And of course, from that old theater in Memphis, they eventually recorded songs and artists that my generation avidly danced to at all our high school proms and made out to in our fathers' cars on summer nights a lot like last night. It's impossible to hear these songs without feeling a bit melancholy. Our youth is gone.
And, well, the artists themselves are so...old. Well, it has been 50 years. But... I found myself worrying that somebody would fall or lose the beat or miss the note. I turned to my friend Dr.Teddy about halfway through and said, "It's like they dug these people out of a museum." The oldest of the lot is Mable John, who's 77. She clearly wobbled in her R&B shoes but momma, she managed to deliver the message. Eddie Floyd, formerly of the Falcons which included Wilson Pickett for a time, moved carefully but stylishly. William Bell is 68 and Booker T, who we thought looked best but didn't have to sing or move around onstage, is 62. Booker T Today
Even the youngsters brought on board for variety, new Stax acquisition Stone and Hathaway, are 46 and 39 respectively.
Isaac Hayes, who's hardly the oldest among them at 64, was hardest to watch. I mean, this guy was the rumble-voiced sex god of my twenties: how can he be walking like an old man? A 2006 stroke may be the reason for his halting movement, though I note on Wikipedia he and his fourth wife just had a baby last year, his 12th child. Okay, something still works. Not that any of us should be making 12 replacements of ourselves, but...forgive me, one craves signs of vigor.
Everybody came back onstage for the final performance, a somewhat pensive rendition of "Dock of the Bay." It was a nostalgic tribute to the era, to Stax Records, and to Otis Redding, who died in a plane crash in 1967. I think I'm relieved, though, that he died young. At least we didn't have to see him stagger across the stage. Maybe it's better to listen to the music at home, with all the trappings of denial in place and, especially, no dancing in front of mirrors.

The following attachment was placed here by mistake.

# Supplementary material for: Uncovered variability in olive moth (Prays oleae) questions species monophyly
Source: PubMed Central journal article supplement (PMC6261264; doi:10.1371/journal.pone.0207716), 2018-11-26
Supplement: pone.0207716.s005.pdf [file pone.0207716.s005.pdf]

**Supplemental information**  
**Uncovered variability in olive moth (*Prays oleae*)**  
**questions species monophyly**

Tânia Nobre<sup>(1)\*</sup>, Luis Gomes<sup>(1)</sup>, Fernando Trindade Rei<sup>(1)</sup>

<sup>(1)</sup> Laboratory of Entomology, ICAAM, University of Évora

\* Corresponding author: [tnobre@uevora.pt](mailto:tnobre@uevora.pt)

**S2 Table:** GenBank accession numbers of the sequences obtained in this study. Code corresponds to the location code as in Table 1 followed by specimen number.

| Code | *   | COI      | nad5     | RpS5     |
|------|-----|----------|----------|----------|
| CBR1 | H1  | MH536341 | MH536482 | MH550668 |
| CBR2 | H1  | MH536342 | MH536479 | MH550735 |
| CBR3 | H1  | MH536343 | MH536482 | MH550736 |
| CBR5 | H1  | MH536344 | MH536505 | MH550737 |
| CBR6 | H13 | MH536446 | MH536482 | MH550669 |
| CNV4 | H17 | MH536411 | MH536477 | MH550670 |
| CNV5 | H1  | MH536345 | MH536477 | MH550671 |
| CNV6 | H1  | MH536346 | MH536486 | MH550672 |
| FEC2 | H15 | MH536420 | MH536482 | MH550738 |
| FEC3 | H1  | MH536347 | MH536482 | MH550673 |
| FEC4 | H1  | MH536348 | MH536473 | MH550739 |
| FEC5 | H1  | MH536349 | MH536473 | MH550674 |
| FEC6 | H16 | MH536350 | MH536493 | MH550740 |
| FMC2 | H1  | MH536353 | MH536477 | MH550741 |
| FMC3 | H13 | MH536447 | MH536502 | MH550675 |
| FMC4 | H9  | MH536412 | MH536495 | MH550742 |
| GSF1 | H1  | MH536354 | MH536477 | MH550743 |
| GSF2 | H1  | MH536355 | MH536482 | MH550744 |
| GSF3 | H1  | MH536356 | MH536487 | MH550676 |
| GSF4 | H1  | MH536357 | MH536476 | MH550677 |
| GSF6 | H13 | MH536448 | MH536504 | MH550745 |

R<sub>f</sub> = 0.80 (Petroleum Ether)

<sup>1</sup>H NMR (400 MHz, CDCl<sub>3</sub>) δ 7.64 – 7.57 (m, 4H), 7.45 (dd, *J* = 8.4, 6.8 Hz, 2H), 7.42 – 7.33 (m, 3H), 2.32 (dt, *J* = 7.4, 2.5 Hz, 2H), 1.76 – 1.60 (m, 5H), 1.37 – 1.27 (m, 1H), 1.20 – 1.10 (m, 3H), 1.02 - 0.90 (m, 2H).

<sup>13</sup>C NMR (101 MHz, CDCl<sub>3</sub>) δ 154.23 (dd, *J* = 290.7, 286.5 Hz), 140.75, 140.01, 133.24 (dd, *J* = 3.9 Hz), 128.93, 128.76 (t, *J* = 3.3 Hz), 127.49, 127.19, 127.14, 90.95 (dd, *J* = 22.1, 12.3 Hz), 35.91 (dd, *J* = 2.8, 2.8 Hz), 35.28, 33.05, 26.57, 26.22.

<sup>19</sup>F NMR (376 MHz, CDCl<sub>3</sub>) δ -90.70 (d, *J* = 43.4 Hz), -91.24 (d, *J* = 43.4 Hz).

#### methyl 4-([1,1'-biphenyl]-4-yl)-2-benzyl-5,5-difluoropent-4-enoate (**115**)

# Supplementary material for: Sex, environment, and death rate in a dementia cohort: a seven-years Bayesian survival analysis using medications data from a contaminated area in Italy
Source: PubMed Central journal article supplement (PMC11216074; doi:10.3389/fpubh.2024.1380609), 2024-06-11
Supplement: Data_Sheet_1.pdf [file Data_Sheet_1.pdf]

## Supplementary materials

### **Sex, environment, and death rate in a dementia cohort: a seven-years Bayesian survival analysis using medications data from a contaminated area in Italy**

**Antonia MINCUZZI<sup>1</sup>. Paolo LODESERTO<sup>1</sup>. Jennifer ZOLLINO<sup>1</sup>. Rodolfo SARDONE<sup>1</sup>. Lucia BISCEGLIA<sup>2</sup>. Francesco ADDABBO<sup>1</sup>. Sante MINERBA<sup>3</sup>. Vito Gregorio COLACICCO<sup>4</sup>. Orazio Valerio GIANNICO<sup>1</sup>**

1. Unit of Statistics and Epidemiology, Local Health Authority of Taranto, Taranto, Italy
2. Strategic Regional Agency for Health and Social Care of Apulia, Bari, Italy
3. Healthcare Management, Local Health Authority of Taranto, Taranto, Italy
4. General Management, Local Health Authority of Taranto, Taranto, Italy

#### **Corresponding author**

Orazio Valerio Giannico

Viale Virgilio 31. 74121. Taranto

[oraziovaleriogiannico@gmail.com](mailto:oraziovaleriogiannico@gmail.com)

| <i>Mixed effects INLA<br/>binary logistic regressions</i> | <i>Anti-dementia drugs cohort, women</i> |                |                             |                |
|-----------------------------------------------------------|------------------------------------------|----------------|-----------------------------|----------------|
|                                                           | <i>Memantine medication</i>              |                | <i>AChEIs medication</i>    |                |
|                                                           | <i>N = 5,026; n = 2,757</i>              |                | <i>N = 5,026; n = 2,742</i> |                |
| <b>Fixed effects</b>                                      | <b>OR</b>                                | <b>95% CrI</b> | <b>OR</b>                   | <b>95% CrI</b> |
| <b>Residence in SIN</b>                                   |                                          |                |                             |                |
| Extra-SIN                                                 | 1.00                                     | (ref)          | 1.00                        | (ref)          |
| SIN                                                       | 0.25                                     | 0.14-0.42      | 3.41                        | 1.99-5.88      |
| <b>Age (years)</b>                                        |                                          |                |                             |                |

Molting is a great thing -- I've done it once or twice myself. And now the intrepid Phil Weiss, to whom I'm indebted for many kindnesses, including reconnecting me with the man who's now my husband, has just accomplished a molting of his own. He's left the New York Observer, where he was a columnist for years and a recently converted blogger, and has taken his blog, MondoWeiss, with him. I've changed the link to MondoWeiss at the right so that you can see what he's up to.
The change, it seems, like many moltings, was accompanied by some personal pain and intellectual wrestling: in short, Weiss, who's nothing if not a dogged questioner, has been re-exploring what it means to be Jewish. After an apparently intense season of reflection on his own roots, omnivorous reading, conversations with scholars and other experts, and trips to Israel and Syria, he found his views about Israel changing. This was what he wanted to write about, and his blog on the Observer sometimes drew 100 comments a day. But the financially beleaguered Observer's new owner, an observant Orthodox Jew named Jared Kushner, didn't like where Weiss's intellectual journey was taking him.
Weiss and I got to know each other through our Tonga books -- here is the cover of his chilling 2004 account of the Deborah Gardner murder, the same tragedy, though fictionalized, which begins my novel Night Blind. Weiss has moved on from Tonga and his long obsession with the 1976 murder -- I congratulate him for that, though I know that at the heart of his obsession was his passion for justice, fairness and reason. Perhaps those same qualities are at play in his current transition.
You can read the whole interesting story, from Weiss's perspective, in the June 4, 2007 issue of American Conservative magazine -- www.amconmag.com.
So, it's a castor bean. I finally found out that's the volunteer plant in our porch pot -- one missed by the renegade flying car.
It's a fascinating plant. Related to the Mexican jumping bean and, like coffee, not technically a bean, it is one of Southern California's native species. And its Latin name suggests its danger: ricinus communis -- it's got ricin in it, the deadly poison. Its name suggests that its beans, described by some as "beautiful," look like engorged ticks.
The seed pods on my plant haven't popped yet. So what should I do?
According to W.P. Armstrong in his wonderful Bio 101 web page "Wayne's Word" from Palomar College, "The spiny seed pod or capsule is composed of three sections or carpels which split apart at maturity. Each section (carpel) contains a single seed, and as the carpel dries and splits open, the seed is often ejected with considerable force. Walking among large castor shrubs on a hot summer day can be quite an experience, with the sound of exploding carpels and seeds flying through the air and bouncing off road signs, sidewalks, and your head.